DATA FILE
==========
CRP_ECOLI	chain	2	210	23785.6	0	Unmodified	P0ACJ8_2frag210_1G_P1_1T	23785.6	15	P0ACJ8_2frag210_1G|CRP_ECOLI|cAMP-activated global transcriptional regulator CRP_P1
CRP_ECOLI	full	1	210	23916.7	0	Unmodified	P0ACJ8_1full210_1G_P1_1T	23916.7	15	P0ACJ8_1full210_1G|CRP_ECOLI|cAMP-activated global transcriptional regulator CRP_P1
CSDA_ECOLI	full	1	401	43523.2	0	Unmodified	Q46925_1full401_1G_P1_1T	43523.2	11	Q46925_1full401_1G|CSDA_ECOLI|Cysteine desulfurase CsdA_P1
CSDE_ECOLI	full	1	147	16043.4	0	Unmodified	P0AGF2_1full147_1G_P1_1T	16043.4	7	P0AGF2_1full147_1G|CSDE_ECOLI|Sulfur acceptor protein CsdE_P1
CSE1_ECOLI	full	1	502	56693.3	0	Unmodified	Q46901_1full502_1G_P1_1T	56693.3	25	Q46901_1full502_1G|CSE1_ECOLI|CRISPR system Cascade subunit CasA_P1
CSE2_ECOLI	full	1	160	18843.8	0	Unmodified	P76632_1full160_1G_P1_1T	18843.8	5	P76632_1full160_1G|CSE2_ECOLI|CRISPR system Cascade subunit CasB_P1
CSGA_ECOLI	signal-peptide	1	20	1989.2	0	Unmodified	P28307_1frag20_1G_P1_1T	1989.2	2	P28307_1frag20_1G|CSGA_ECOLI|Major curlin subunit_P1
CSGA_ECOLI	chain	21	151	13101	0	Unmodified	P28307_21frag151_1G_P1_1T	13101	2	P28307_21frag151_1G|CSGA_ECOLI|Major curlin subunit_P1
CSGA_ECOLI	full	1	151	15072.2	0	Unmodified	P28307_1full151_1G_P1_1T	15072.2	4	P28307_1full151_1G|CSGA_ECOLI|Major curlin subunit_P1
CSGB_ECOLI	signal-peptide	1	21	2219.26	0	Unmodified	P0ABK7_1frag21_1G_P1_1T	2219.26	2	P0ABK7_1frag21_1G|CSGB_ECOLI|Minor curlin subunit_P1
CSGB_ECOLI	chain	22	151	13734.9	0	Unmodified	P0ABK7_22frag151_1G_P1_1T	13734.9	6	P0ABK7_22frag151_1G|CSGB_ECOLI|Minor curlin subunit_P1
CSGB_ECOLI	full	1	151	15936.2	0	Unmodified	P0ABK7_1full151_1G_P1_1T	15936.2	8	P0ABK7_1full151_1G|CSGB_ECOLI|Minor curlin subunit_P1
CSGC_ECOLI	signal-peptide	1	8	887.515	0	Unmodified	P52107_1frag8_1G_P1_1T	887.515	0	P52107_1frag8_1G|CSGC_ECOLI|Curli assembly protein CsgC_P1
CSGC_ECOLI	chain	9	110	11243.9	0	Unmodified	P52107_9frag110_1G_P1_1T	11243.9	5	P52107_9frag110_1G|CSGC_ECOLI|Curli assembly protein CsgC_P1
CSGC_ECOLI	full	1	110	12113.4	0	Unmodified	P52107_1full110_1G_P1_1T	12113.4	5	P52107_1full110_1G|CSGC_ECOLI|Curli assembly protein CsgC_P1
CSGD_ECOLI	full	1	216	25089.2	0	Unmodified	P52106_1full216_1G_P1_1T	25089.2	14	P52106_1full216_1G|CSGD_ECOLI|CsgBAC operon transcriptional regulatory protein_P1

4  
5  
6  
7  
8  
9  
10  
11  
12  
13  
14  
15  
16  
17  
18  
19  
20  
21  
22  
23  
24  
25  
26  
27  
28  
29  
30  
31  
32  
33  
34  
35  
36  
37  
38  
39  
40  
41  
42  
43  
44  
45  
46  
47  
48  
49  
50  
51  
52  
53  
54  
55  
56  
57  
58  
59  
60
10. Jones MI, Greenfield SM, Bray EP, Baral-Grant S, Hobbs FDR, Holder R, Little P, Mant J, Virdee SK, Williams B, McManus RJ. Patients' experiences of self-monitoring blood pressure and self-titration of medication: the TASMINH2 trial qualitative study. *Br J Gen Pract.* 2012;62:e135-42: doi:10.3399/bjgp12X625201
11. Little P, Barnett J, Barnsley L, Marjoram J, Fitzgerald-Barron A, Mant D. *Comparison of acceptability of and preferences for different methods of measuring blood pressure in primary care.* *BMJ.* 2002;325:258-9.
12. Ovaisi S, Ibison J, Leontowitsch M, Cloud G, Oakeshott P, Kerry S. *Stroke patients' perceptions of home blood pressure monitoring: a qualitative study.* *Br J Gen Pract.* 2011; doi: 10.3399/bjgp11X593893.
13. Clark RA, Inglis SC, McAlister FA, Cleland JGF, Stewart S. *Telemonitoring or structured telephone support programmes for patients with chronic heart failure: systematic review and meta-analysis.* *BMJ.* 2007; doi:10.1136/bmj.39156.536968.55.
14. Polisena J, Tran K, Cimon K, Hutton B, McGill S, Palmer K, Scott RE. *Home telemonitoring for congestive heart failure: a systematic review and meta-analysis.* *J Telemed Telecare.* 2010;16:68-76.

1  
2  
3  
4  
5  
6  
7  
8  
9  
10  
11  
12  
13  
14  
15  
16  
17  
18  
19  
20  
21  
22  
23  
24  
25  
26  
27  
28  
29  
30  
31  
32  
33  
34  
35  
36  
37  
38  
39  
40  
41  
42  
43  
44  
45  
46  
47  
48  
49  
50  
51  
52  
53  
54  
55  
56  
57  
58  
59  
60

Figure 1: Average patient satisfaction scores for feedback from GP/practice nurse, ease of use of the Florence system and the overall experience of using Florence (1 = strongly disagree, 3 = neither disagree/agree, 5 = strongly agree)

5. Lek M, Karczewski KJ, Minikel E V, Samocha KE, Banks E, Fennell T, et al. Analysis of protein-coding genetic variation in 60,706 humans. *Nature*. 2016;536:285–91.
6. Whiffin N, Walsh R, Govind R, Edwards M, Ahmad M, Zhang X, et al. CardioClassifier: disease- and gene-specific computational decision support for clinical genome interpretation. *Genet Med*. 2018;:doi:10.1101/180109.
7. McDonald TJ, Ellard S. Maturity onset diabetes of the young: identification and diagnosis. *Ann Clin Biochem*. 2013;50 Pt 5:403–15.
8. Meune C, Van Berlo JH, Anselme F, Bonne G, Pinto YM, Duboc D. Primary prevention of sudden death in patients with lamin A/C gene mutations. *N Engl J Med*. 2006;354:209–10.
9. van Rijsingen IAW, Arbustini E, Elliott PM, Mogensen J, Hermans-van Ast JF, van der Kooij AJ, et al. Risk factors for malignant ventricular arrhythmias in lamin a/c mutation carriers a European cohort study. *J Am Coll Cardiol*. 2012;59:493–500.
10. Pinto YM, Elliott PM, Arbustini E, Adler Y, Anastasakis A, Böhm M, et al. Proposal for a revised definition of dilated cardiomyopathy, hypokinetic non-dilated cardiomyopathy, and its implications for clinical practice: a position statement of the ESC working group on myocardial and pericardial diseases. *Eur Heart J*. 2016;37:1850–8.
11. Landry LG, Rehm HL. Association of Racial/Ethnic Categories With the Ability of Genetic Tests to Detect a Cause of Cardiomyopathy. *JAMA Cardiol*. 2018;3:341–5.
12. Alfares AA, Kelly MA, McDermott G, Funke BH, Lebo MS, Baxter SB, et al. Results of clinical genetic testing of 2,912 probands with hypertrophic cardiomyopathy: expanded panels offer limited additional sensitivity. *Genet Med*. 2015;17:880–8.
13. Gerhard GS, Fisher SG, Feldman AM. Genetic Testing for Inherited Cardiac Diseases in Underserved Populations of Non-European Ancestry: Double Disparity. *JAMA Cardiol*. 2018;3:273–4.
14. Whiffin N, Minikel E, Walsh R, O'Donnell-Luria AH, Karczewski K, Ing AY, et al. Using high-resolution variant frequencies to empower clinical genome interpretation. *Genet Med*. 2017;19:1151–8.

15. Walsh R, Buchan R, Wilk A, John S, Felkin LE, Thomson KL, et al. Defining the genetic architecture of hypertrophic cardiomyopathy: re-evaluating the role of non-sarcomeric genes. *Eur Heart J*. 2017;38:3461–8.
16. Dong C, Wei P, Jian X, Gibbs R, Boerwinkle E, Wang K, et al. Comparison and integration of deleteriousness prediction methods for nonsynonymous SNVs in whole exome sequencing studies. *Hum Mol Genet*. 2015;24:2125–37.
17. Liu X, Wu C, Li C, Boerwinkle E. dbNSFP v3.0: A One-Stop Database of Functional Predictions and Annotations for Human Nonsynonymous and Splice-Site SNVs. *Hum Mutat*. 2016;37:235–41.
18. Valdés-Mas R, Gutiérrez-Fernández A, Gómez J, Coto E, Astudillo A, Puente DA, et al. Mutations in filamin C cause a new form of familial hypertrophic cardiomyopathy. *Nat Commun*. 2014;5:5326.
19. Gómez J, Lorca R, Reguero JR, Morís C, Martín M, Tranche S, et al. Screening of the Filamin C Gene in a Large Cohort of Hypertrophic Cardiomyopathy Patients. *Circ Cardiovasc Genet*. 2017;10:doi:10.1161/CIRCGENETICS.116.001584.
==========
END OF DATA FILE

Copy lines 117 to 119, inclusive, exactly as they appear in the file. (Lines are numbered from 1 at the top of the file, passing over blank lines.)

39  
40  
41  